“Dismissal of the indictment and suppression of evidence are not appropriate remedial measures for a violation of Article 36 [of the Vienna Convention] in this case.” Sanchez-Llamas v. Oregon, 548 U.S. 331, 350 (2006). United States v. Castillo, 2018 U.S. App. LEXIS 19839 (3d Cir. July 18, 2018).
Government’s offer to not use any evidence from a search moots the need for a Franks hearing. United States v. James, 2018 U.S. Dist. LEXIS 121557 (D. Nev. July 20, 2018).*
On remand from United States v. Harris, 642 Fed. Appx. 713 (9th Cir. 2016), the district court had a hearing on application of inevitable discovery. “At the supplemental hearing, the district court made three findings in determining that the inevitable discovery doctrine applied, none of which we find to be clearly erroneous. First, the two officers responding to the reported domestic violence incident would have discovered Harris’s parole and searchable probation status by following routine police procedures applicable to such a situation. Second, the officers would then have inevitably developed probable cause that Harris resided at the apartment. Third, the officers would have inevitably searched the apartment after making the two previous determinations.” United States v. Harris, 2018 U.S. App. LEXIS 20249 (9th Cir. July 20, 2018).*
The Hill: Special master in Cohen case rejects more than a third of legal team’s privileged items by Aris Folley:
According to court documents filed Thursday, Special master Barbara Jones found that 1,452 out of the 4,085 items designated privileged by the lawyer’s legal team are not privileged. Jones “agrees with the plaintiff” that 2,633 of the documents or records meet attorney-client privilege standards.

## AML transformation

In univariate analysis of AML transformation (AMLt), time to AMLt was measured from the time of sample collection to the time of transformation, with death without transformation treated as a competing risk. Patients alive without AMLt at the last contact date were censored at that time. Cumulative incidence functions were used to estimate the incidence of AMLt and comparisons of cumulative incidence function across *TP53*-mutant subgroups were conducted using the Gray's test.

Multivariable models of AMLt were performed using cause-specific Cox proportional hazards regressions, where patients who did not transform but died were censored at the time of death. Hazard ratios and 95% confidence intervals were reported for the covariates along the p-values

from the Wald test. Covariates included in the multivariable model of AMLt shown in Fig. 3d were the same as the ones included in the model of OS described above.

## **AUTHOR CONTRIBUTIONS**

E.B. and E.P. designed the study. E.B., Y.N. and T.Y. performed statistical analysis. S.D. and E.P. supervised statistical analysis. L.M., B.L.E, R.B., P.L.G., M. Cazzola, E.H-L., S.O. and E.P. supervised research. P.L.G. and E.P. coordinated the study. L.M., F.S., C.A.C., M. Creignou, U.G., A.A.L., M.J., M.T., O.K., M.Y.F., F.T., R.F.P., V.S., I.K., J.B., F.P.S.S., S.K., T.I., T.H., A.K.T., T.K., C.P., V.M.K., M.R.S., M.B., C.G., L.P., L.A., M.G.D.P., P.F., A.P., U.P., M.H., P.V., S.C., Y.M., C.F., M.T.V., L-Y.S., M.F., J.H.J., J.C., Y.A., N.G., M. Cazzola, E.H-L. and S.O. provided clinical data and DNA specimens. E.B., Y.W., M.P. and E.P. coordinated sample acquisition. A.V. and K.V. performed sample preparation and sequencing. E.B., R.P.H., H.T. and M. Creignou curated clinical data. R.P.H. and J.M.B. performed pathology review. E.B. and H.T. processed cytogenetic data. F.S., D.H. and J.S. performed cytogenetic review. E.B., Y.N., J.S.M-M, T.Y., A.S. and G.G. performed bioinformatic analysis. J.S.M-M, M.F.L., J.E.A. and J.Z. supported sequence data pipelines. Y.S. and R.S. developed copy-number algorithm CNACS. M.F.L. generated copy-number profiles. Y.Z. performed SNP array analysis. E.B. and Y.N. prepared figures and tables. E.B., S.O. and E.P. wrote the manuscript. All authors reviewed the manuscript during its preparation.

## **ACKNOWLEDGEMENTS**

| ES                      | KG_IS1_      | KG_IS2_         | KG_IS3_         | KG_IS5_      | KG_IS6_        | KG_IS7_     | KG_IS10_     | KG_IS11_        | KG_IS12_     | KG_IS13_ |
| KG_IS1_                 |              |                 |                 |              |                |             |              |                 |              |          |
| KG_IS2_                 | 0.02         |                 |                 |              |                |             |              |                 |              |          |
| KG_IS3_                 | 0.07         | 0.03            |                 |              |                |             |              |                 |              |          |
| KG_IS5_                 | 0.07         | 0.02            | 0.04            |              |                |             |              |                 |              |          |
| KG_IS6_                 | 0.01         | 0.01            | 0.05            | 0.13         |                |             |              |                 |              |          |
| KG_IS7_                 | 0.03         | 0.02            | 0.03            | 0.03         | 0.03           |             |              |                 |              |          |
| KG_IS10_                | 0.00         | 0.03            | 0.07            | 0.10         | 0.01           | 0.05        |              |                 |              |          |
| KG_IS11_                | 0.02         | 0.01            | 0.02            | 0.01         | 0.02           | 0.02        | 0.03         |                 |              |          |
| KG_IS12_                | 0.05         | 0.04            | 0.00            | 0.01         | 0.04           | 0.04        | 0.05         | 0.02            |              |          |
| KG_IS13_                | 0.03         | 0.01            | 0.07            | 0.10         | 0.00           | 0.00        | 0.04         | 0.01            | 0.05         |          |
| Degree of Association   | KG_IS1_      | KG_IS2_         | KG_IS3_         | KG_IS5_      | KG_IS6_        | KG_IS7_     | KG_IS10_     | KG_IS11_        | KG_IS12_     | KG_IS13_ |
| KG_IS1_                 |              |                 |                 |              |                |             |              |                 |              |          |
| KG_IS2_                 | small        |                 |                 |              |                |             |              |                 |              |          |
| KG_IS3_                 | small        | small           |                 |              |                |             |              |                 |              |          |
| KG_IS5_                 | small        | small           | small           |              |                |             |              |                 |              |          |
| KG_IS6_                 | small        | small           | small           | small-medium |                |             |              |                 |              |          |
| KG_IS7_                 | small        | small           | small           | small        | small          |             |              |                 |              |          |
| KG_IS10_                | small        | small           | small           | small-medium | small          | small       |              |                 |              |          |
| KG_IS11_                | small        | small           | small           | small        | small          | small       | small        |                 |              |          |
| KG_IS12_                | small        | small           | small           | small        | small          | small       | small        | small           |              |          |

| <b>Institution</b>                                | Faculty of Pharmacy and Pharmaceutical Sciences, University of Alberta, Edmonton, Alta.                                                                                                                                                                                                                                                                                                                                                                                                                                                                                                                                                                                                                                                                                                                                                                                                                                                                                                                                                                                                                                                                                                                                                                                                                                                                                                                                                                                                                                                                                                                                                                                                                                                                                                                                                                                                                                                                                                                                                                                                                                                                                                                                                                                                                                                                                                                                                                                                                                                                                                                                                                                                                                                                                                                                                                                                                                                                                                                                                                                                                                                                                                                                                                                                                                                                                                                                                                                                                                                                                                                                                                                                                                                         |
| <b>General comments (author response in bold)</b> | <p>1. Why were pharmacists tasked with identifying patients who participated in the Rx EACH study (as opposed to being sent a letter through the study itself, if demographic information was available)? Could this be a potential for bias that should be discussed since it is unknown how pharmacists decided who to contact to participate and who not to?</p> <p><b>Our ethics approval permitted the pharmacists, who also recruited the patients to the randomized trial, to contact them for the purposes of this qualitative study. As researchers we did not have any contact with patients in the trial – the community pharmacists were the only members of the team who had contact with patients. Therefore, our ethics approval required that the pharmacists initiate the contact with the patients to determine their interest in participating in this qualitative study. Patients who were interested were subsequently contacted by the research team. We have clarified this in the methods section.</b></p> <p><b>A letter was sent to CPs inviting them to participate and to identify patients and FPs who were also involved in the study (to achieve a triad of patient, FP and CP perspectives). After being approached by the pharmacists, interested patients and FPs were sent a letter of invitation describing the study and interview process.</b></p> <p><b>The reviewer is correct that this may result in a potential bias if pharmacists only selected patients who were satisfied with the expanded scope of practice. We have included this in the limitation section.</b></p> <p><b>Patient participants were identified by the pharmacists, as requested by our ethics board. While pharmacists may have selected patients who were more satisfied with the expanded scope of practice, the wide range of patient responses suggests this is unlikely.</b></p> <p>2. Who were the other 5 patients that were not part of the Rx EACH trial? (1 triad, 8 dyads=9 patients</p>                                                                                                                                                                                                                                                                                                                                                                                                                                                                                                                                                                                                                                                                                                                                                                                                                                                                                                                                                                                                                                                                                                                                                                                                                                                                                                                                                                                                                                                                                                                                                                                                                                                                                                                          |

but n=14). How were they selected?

Recode: Your phone is not secretly spying on your conversations. It doesn’t need to. By Eric Johnson
Northeastern University researchers Dave Choffnes and Christo Wilson (mostly) debunk the internet’s favorite conspiracy theory on the latest Too Embarrassed to Ask.
Defendant’s calls from the police station after he was arrested admitted the marijuana in this case was his. The calls were admitted at trial, defense counsel challenging authentication. Defendant pro se argued a Fourth Amendment violation, but that is defaulted as not within in the objection. Even if not, there was no reasonable expectation of privacy in the phone calls. Jackson v. State, 2018 Miss. App. LEXIS 329 (July 17, 2018).
The officer’s stop of defendant’s car was based on reasonable suspicion, and then probable cause developed. People v. Madera, 2018 NY Slip Op 05378, 2018 N.Y. App. Div. LEXIS 5292 (3d Dept. July 19, 2018).*
Petitioner filed two motions to return property: one under Rule 41(g) and another under 18 U.S.C. § 983. The former isn’t ripe; the later deserves a response. In re One 2018 Forest River Forester 2391 Rec. Vehicle “RV”, 2018 U.S. Dist. LEXIS 119984 (S.D. Ill. July 18, 2018).*